What caused The Black Death?

Its not only an interesting question from a paleomicrobiology standpoint, but of practical importance– While we have all kinds of technology here in 2011 that would have, no doubt, increased the survival rates of Plague victims in the 1400s, it would be more comforting to know exactly what caused that epidemic and why so we can be 100% prepared for it (or something similar to it) in the future.

One theory is that the Black Death was caused by a bacteria, Yersinia pestis. Weve got Yersinia pestis around today, but what made the Black Death Yersinia pestis really bad was that those bacteria picked up a particularly pathogenic plasmid.

Plasmids are circular bits of DNA that bacteria treat like Pokemon– trading with their friends collecting all the cool ones, etc. Thats one of the ways we get antibiotic resistant bacteria. The resistance genes arent part of the actual bacterial genome, its on an extra bit of DNA that bacteria trade with one another, which is a much faster way of spreading the ‘good’ gene than simple replication, selection, replication, selection.

Yeah… apparently that is *not* why the Black Death Yersinia pestis could have been worse:

Targeted enrichment of ancient pathogens yielding the pPCP1 plasmid of Yersinia pestis from victims of the Black Death
Our data reveal that the Black Death in medieval Europe was caused by a variant of Y. pestis that may no longer exist, and genetic data carried on its pPCP1 plasmid were not responsible for the purported epidemiological differences between ancient and modern forms of Y. pestis infections.

Not a plasmid. So what the heck was it??

For the most part, the sequence is similar to that found in modern strains of the bacteria. In contrast, some of the DNA they obtained from the bacteria’s chromosome showed some distinct differences, none of which are present in modern strains. Nevertheless, the sequence was clearly still from Y. pestis.

The authors conclude that this provides a clear indication that a single type of bacteria has been responsible for the Black Death and several other plague outbreaks, and is still causing modern diseases. For some of the parties involved, this is a bit of an about-face, one that was handled with a degree of candor that’s rare in scientific publications.

“Two of the authors (SW and JM) have previously argued that the epidemiology, virulence, and population dynamics of the Black Death were too different from those factors of modern yersinial plague to have been caused by Y. pestis,” said the paper. “Given the growing body of evidence implicating this bacterium as responsible for the pandemic, we believe scientific debates should now shift to addressing the genetic basis of the epidemic’s unique characteristics.”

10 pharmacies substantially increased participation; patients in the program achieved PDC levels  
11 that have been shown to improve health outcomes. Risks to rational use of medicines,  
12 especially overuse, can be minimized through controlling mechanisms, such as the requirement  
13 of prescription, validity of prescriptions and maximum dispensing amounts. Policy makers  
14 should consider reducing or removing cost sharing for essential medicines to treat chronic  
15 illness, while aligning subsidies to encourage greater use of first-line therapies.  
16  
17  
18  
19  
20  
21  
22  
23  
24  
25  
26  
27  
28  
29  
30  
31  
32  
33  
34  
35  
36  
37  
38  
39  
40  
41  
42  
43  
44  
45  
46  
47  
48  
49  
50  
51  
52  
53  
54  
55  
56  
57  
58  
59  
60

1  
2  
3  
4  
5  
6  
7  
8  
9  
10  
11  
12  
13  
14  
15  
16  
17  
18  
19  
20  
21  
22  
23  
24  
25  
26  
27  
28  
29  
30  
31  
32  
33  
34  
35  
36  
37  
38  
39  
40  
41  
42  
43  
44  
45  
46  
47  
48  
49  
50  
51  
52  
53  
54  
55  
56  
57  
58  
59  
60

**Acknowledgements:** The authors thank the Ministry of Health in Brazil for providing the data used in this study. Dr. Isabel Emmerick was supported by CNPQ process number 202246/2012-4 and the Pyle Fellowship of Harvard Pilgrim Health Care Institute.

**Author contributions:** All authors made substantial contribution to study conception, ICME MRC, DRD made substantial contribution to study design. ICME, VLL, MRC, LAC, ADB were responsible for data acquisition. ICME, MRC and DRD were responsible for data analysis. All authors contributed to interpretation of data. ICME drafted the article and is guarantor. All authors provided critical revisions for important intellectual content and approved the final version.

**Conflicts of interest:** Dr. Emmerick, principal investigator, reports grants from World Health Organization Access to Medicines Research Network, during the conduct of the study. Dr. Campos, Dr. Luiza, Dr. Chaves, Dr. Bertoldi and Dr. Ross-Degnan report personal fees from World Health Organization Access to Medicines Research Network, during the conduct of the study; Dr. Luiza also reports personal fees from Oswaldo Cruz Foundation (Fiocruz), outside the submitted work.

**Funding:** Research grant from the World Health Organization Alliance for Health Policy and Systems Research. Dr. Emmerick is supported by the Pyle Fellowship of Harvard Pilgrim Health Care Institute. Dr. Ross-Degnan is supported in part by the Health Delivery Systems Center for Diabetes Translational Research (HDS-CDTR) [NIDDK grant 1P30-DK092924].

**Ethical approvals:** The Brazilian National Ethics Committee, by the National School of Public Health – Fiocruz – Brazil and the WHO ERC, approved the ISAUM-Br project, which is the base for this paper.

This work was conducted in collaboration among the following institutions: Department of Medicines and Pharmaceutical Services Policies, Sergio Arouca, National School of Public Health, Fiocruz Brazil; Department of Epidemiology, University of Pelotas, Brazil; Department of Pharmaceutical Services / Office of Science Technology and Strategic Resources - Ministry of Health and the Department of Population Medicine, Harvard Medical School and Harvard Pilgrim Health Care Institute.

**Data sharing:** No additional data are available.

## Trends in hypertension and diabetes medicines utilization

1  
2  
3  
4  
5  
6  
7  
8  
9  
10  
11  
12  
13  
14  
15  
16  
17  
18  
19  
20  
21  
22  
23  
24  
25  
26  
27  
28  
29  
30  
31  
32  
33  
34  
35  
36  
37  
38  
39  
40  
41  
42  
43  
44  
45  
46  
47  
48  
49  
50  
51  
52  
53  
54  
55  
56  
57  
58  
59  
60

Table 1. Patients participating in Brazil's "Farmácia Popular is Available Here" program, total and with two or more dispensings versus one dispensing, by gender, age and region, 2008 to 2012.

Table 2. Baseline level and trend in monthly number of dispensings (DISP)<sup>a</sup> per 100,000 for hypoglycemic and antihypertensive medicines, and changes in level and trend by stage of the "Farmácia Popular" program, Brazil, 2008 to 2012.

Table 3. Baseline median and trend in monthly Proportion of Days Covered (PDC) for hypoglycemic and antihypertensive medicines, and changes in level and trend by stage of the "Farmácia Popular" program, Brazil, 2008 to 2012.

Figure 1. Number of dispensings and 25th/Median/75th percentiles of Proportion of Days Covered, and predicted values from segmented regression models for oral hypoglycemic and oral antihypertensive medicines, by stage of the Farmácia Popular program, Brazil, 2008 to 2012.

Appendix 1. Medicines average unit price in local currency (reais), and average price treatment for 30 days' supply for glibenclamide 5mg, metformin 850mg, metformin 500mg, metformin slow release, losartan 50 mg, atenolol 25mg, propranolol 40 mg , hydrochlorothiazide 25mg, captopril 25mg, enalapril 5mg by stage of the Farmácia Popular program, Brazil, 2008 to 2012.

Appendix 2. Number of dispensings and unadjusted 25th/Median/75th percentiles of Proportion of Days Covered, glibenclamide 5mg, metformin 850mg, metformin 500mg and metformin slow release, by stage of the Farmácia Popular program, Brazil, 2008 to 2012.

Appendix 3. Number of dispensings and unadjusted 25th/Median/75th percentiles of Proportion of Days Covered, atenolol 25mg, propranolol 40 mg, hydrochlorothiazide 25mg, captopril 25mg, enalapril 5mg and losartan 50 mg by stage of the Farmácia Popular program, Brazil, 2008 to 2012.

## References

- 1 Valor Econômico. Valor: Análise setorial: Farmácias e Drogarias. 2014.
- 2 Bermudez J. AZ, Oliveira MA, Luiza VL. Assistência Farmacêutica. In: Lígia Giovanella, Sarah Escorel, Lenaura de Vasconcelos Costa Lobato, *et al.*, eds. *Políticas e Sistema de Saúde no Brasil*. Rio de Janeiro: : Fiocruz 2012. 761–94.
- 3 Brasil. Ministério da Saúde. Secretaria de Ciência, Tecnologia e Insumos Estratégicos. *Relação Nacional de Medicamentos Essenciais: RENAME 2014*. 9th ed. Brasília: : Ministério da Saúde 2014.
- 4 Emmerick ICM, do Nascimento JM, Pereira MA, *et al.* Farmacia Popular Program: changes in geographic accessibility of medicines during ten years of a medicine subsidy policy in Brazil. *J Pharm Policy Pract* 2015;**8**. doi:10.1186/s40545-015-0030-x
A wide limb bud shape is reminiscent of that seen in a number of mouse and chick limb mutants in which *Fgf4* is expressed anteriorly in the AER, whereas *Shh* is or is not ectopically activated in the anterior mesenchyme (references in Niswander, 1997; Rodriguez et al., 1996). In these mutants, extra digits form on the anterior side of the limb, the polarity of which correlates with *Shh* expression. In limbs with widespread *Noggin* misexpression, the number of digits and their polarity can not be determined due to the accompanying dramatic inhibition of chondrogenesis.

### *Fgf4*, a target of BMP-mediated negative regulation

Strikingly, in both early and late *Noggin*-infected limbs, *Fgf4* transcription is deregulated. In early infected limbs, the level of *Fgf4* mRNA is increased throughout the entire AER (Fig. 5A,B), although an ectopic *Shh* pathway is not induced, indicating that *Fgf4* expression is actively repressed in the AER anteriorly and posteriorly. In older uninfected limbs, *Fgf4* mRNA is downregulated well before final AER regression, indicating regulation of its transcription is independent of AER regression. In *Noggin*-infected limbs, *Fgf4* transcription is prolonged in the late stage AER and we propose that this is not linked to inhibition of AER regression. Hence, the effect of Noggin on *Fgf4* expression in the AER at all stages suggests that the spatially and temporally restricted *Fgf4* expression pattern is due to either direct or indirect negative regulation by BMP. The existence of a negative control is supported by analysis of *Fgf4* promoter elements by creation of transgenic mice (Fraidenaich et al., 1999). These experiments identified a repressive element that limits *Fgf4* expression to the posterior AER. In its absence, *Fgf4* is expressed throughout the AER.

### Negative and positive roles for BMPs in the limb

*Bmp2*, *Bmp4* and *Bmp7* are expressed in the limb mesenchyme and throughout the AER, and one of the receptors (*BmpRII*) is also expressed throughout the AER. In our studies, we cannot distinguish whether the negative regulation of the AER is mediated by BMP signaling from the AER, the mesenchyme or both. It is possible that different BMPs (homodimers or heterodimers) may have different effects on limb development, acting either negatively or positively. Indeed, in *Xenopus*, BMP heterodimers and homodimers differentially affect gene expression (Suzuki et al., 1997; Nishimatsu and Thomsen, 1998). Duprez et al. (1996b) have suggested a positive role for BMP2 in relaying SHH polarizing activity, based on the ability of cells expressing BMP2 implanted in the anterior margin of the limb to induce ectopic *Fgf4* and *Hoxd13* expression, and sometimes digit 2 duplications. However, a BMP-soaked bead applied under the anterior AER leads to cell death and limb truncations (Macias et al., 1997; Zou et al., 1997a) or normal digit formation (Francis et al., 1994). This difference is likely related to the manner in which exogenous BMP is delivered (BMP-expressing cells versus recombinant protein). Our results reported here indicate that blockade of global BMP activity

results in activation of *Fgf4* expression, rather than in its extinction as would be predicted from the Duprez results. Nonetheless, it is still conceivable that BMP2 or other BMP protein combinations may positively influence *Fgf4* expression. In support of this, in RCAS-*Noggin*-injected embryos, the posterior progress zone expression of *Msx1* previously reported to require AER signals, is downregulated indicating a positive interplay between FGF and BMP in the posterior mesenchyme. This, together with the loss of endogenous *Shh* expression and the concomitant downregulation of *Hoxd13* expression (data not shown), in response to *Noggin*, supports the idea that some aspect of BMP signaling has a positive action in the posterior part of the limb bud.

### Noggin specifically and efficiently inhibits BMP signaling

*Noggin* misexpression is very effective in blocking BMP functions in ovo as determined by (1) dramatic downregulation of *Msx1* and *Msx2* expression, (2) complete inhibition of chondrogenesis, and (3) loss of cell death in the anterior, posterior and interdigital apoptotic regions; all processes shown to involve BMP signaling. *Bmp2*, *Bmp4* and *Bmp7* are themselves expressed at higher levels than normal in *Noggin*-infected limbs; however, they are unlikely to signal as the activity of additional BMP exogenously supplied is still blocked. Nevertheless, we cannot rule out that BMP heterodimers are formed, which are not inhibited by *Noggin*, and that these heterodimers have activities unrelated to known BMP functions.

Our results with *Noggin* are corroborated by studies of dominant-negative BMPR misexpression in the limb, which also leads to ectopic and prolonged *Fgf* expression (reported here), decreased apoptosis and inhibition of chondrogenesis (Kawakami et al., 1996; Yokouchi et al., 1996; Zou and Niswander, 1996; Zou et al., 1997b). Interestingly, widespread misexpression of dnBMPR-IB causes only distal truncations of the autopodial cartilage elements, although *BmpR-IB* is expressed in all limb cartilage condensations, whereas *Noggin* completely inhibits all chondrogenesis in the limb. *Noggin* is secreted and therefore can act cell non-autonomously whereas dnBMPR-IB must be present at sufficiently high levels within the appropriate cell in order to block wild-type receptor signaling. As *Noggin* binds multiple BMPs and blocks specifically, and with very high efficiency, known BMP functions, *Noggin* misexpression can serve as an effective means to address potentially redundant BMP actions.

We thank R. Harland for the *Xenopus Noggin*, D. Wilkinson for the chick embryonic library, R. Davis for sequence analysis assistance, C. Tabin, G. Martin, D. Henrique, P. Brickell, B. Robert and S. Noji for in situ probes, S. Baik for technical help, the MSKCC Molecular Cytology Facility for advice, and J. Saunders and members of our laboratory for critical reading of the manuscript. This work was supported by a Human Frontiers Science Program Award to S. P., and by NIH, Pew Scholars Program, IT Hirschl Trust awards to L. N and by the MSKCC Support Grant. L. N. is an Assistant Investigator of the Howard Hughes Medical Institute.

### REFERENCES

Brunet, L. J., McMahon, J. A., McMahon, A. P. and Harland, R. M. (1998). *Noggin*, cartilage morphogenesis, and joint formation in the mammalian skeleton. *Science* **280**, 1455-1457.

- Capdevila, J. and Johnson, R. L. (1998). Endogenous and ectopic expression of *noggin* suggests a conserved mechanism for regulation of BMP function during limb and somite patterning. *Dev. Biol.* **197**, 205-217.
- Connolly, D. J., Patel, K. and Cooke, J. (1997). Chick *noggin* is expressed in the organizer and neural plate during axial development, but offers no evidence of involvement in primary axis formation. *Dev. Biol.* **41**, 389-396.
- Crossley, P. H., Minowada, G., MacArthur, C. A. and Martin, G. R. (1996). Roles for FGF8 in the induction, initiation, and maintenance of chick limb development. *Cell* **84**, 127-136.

My money is on phages, and specifically, those phages morons. Phages are kinda like bacterial ERVs– They are DNA viruses that insert themselves into the bacterial genome, and hijack that bacteria to generate more babby viruses. But phages dont always immediately start making babbies– sometimes they go latent. Its a dog-eat-dog world out there, and sometimes its safer to hide in a warm snuggly bacteria than to be out fending for yourself. But the bacteria have no interest in having this parasitic DNA contaminating their Specially Created genome. So phages bribe them.

Phages can encode for gene groups called morons.

I am not joking.

These are viral genes that dont code for anything the virus wants, like structural proteins, or enzymes the virus needs– They are genes that make having the virus around attractive to the bacteria. And few things are more attractive to a pathogen than making you sick, thus spread the bacteria faster than if you werent pooping/oozing/puking/etc.

I bet its a moron.

Comments

  1. #1 Selket
    September 1, 2011

    Yep Seems so. I just started to study Phages but i found they are quite remarkable “Lifeforms”. The phage 933 codes for the shiga toxin gene in ecoli 0157:h7 which effects (of the toxin) could be seen in this years EHEC epidemic.